Pennsylvania law allows victims to hold dog owners criminally and civilly liable, but the requirements differ significantly.
Dog attacks are a nightmare for the victims and even the owners of the dog that attacks.
In many cases, the owner had no idea that their pet would cause harm to another. It could be a family dog that has never been aggressive in the past. In these cases, it is unlikely the owner of that dog would face criminal penalties. However, civil penalties (in the form of monetary damages) are likely. Hopefully the dog owner has insurance to cover the victim’s losses.
Criminal penalties do apply in a select number of dog attack cases, but mostly when the dog owner was grossly negligent, or the dog caused significant harm to the victim.
When criminal penalties apply, the owner had evidence that an attack was imminent and they failed to take precautions – despite knowing the grave risks. This also applies if the dog owner was in violation of the dog law when the attack occurred (e.g., the dog was running loose). With dangerous dog laws in place, that owner could face fines, as well as having the dog declared dangerous, which requires the owner to meet a list of requirements (see below) in order to keep the dog.
The PA Dog Law Protects Philadelphia Residents
In 1996, Pennsylvania Legislature amended their previous Dog Law so that it was easier for victims of dog attacks to hold dog owners responsible for personal injuries and for harboring dangerous animals.
If the victim shows the dog inflicted injuries, attacked without reason, and they suffered damages, the owner could be convicted of harboring a dangerous animal and face civil penalties.
In Pennsylvania, the dog does not have to bite in the past for the owner to be liable. If the district judge feels the dog is dangerous, the owner has violated the Dangerous Dog Law – this can happen even if the dog had never exhibited vicious propensities before.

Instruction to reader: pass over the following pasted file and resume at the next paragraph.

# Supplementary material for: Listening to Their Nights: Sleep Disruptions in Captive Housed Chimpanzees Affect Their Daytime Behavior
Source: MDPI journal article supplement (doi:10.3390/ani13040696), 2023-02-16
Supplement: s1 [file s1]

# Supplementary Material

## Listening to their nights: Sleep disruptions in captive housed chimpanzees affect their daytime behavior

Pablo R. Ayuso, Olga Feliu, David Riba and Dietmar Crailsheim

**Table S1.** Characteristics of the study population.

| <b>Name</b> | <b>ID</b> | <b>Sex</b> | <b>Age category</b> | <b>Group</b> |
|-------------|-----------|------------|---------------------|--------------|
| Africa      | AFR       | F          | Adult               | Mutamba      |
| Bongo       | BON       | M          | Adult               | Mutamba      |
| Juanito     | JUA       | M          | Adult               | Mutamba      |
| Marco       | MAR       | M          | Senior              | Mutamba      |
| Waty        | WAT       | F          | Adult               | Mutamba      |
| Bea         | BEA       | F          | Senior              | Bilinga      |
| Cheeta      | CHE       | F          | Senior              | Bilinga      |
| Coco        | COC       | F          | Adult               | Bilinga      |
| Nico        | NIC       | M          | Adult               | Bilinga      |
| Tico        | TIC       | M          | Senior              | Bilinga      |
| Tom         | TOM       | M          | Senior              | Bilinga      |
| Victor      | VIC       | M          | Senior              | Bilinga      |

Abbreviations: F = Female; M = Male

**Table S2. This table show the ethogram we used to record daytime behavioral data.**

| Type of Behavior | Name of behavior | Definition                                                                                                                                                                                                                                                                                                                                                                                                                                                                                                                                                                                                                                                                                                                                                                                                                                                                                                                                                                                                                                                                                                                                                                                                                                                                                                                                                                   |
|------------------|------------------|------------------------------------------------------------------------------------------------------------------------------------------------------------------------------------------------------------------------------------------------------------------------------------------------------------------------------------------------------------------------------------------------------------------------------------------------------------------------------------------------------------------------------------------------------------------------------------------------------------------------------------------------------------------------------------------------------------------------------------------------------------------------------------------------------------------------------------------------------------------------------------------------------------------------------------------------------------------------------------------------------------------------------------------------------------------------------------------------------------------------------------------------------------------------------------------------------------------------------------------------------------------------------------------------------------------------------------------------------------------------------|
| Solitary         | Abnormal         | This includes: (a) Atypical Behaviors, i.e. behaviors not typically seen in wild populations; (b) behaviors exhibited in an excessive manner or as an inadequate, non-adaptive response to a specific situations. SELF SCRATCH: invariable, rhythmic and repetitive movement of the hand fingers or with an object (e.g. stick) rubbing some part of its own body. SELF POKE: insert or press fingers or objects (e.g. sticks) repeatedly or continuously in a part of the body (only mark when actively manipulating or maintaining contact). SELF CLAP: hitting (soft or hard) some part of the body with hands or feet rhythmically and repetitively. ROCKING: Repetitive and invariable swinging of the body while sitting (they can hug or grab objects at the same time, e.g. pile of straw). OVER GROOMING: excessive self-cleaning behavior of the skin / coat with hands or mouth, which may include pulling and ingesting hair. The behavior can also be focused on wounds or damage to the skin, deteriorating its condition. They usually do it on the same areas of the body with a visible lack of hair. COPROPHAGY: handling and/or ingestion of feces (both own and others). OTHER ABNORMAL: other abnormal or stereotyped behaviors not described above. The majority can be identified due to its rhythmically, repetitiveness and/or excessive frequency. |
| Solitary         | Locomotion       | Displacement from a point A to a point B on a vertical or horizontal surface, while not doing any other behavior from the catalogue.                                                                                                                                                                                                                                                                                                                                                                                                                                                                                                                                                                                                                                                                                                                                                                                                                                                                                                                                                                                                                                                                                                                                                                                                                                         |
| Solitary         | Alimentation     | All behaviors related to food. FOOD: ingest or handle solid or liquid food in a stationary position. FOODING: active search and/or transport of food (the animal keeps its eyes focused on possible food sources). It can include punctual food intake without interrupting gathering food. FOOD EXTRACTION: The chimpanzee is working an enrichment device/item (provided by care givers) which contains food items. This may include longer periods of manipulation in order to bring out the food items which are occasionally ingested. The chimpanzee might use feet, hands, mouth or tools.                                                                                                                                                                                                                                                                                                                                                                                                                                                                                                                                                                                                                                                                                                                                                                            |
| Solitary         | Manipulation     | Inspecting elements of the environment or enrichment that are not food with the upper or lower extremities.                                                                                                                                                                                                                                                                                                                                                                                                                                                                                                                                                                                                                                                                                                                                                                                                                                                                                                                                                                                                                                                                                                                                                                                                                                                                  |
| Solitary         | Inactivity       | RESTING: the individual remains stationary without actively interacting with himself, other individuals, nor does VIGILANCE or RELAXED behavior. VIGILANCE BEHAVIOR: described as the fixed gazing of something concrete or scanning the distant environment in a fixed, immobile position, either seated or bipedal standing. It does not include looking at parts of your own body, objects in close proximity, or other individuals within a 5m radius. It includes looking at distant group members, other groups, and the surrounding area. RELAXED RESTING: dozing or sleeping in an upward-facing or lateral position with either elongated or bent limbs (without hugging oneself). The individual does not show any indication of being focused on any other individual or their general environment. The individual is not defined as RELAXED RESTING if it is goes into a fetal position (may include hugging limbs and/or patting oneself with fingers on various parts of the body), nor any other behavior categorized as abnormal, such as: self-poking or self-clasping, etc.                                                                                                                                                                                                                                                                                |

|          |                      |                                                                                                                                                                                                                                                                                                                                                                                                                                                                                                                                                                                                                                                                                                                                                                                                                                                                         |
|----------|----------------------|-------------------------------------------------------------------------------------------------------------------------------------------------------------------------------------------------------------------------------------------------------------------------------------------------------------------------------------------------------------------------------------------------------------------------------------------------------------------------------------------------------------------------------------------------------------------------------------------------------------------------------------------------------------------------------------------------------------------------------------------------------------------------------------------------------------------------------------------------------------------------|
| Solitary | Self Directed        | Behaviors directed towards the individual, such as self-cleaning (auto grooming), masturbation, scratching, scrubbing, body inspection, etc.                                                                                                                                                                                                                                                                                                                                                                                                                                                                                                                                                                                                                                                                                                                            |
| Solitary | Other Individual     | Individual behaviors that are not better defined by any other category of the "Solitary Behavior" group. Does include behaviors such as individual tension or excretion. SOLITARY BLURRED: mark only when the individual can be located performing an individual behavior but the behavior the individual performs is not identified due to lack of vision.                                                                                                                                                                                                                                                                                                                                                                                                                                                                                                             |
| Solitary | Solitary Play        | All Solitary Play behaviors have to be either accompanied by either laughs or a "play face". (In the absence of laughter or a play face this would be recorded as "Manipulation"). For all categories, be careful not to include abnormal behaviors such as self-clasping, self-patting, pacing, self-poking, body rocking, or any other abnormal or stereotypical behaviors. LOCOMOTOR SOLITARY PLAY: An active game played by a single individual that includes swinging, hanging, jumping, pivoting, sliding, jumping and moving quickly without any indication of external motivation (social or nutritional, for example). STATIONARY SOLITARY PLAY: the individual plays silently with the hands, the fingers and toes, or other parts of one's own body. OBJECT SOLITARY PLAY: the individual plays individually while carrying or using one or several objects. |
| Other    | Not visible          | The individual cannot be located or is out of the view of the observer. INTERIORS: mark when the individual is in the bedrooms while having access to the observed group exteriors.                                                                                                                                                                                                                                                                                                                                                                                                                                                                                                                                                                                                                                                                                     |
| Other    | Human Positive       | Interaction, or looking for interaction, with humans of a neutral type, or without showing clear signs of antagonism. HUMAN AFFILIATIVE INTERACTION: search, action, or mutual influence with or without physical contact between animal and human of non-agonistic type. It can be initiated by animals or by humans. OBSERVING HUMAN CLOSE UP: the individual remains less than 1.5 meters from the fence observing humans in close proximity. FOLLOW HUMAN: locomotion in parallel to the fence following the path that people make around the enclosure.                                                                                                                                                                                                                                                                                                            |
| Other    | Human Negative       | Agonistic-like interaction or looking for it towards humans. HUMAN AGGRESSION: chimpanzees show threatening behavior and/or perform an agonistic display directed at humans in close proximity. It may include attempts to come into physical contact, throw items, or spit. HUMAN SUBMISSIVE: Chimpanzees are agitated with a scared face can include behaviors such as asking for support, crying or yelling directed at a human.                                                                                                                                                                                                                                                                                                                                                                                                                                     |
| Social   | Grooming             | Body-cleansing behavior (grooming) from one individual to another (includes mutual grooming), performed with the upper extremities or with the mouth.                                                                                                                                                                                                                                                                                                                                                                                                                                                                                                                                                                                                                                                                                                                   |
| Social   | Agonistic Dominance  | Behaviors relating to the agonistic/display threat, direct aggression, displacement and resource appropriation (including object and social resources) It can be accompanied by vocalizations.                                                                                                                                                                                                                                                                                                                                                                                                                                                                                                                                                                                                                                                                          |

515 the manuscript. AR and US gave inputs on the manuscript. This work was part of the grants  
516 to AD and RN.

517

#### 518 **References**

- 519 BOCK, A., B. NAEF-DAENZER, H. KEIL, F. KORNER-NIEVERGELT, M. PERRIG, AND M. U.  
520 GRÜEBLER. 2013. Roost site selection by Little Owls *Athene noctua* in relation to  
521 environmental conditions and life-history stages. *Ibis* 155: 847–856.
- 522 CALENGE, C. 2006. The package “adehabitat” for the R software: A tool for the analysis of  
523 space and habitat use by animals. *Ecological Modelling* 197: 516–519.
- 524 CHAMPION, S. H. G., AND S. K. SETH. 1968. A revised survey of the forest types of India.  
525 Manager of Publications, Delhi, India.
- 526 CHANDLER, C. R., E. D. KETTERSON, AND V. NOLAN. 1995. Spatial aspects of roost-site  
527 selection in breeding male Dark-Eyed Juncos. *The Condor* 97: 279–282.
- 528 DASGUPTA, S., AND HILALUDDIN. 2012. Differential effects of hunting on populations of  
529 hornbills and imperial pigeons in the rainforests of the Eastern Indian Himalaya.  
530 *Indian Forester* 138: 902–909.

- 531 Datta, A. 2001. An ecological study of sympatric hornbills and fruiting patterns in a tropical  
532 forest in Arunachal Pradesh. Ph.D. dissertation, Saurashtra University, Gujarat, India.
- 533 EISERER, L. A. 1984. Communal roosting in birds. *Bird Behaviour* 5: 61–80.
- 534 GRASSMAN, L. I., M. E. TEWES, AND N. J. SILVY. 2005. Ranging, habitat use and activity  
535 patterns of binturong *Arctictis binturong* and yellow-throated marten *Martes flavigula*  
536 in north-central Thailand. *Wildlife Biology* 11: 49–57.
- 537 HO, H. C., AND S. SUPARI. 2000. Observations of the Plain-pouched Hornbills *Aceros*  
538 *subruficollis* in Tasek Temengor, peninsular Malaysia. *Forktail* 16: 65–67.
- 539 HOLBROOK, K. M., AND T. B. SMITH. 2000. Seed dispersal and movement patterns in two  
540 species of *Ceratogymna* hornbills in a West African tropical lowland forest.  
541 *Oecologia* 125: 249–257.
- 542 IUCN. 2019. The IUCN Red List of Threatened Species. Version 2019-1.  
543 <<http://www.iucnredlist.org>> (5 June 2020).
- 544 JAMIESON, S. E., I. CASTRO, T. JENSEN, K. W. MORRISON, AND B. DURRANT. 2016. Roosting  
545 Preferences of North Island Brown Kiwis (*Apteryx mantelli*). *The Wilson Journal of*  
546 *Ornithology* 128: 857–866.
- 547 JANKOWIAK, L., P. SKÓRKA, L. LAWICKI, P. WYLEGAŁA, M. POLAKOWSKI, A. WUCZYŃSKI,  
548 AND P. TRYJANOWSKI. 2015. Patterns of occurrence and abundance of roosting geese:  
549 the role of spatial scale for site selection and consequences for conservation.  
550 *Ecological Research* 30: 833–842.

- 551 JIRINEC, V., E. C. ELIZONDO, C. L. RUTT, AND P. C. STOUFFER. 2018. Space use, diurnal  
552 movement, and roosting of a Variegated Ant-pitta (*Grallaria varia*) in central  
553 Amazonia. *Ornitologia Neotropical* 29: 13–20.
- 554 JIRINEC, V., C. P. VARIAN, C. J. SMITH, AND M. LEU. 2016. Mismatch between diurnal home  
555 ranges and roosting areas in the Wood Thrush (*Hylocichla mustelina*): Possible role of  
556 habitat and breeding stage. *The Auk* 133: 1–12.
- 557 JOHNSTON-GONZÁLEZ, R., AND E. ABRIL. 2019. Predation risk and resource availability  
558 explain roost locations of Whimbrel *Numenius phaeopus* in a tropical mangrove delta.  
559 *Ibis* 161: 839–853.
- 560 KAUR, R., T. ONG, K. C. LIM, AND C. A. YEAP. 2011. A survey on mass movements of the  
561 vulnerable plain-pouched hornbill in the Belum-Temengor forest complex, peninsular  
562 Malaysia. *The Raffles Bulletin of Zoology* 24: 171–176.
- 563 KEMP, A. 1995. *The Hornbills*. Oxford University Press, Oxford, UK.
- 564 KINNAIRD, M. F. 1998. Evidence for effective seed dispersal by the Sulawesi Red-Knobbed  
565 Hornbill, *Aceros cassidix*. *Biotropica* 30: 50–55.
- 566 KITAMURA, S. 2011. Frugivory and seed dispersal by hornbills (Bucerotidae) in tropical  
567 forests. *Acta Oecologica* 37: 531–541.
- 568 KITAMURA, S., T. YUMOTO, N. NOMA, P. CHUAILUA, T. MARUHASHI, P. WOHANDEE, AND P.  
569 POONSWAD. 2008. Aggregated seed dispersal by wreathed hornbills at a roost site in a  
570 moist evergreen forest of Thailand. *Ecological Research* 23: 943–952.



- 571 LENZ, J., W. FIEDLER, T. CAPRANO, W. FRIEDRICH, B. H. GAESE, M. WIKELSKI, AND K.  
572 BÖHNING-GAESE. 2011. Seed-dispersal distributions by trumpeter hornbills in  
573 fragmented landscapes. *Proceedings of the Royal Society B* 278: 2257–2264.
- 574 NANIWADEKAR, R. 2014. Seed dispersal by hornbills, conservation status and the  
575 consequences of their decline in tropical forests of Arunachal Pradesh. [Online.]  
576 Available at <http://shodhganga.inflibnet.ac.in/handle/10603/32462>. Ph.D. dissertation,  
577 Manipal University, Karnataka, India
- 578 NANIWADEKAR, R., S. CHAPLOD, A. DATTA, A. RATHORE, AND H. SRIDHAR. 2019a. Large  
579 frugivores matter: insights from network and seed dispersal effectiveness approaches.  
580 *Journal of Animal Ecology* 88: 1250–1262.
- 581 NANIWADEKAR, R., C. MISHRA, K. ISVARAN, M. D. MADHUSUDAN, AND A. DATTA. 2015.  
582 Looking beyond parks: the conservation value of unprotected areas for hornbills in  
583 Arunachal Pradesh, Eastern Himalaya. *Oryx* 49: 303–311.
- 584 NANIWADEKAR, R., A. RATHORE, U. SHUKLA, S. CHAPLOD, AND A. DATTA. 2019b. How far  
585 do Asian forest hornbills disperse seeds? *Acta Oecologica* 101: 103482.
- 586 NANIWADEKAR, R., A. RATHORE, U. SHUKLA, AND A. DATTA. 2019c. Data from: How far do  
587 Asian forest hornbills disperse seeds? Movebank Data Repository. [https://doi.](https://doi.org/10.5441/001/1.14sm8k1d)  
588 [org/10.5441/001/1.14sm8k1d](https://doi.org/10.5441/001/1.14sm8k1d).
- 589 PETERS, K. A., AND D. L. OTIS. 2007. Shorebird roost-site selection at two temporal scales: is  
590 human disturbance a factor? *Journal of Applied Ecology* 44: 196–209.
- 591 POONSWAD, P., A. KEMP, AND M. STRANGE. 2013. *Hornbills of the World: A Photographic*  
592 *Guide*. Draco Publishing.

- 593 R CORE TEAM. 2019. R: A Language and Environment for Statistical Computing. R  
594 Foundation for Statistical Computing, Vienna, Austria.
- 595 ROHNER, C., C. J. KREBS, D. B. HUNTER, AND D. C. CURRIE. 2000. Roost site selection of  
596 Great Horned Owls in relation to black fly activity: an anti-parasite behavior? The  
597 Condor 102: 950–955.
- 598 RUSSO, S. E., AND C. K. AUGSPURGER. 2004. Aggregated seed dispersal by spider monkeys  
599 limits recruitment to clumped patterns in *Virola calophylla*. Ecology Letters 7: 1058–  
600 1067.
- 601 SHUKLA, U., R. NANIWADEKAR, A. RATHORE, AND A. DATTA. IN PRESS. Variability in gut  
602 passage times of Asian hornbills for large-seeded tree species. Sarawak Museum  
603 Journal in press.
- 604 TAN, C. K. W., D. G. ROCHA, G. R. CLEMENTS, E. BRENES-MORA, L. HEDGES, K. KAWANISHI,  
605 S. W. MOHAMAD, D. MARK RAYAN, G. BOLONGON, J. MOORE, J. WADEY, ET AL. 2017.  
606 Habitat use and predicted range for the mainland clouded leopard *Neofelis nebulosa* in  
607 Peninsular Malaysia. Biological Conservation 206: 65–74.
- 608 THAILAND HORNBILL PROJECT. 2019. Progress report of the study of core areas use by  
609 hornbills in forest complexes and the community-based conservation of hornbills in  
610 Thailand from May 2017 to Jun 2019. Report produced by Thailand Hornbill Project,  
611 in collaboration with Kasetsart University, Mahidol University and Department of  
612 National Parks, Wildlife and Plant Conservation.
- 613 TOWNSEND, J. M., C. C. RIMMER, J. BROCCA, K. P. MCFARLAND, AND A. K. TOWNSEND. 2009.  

The consequences of a dog being declared dangerous include:
- Being required to register the dog as a dangerous dog and pay the annual registration fee
- Creating a special kennel on their property for the dog to prevent future attacks
- Keeping the dog muzzled while off the property
- Notifying homeowner’s insurance of the dangerous dog registration
- Paying the victim for any medical expenses that occurred from the attack
What Criminal Charges Can a Dog’s Owner Face?
The type of criminal penalties a dog’s owner faces depends on the circumstances of the attack and the severity of the injuries. It also depends on the dog owner’s role in the attack.
General negligence often results in the penalties mentioned above. However, if the owner trains his or her dog to be vicious or instructs the dog to attack a person viciously, the sentences become more severe.
Owners could face fines of several thousand dollars, be required to remove and euthanize the dog, and face felony charges – which include a felony criminal record and imprisonment.
The Assumption of Risk Defense
While the burden of proof is lower in a criminal dog penalty case, realize that the defense has the right to use the assumption of risk defense and may succeed with that defense. This defense essentially means that he dog attack victim plays a role in the attack (such as provoking the dog).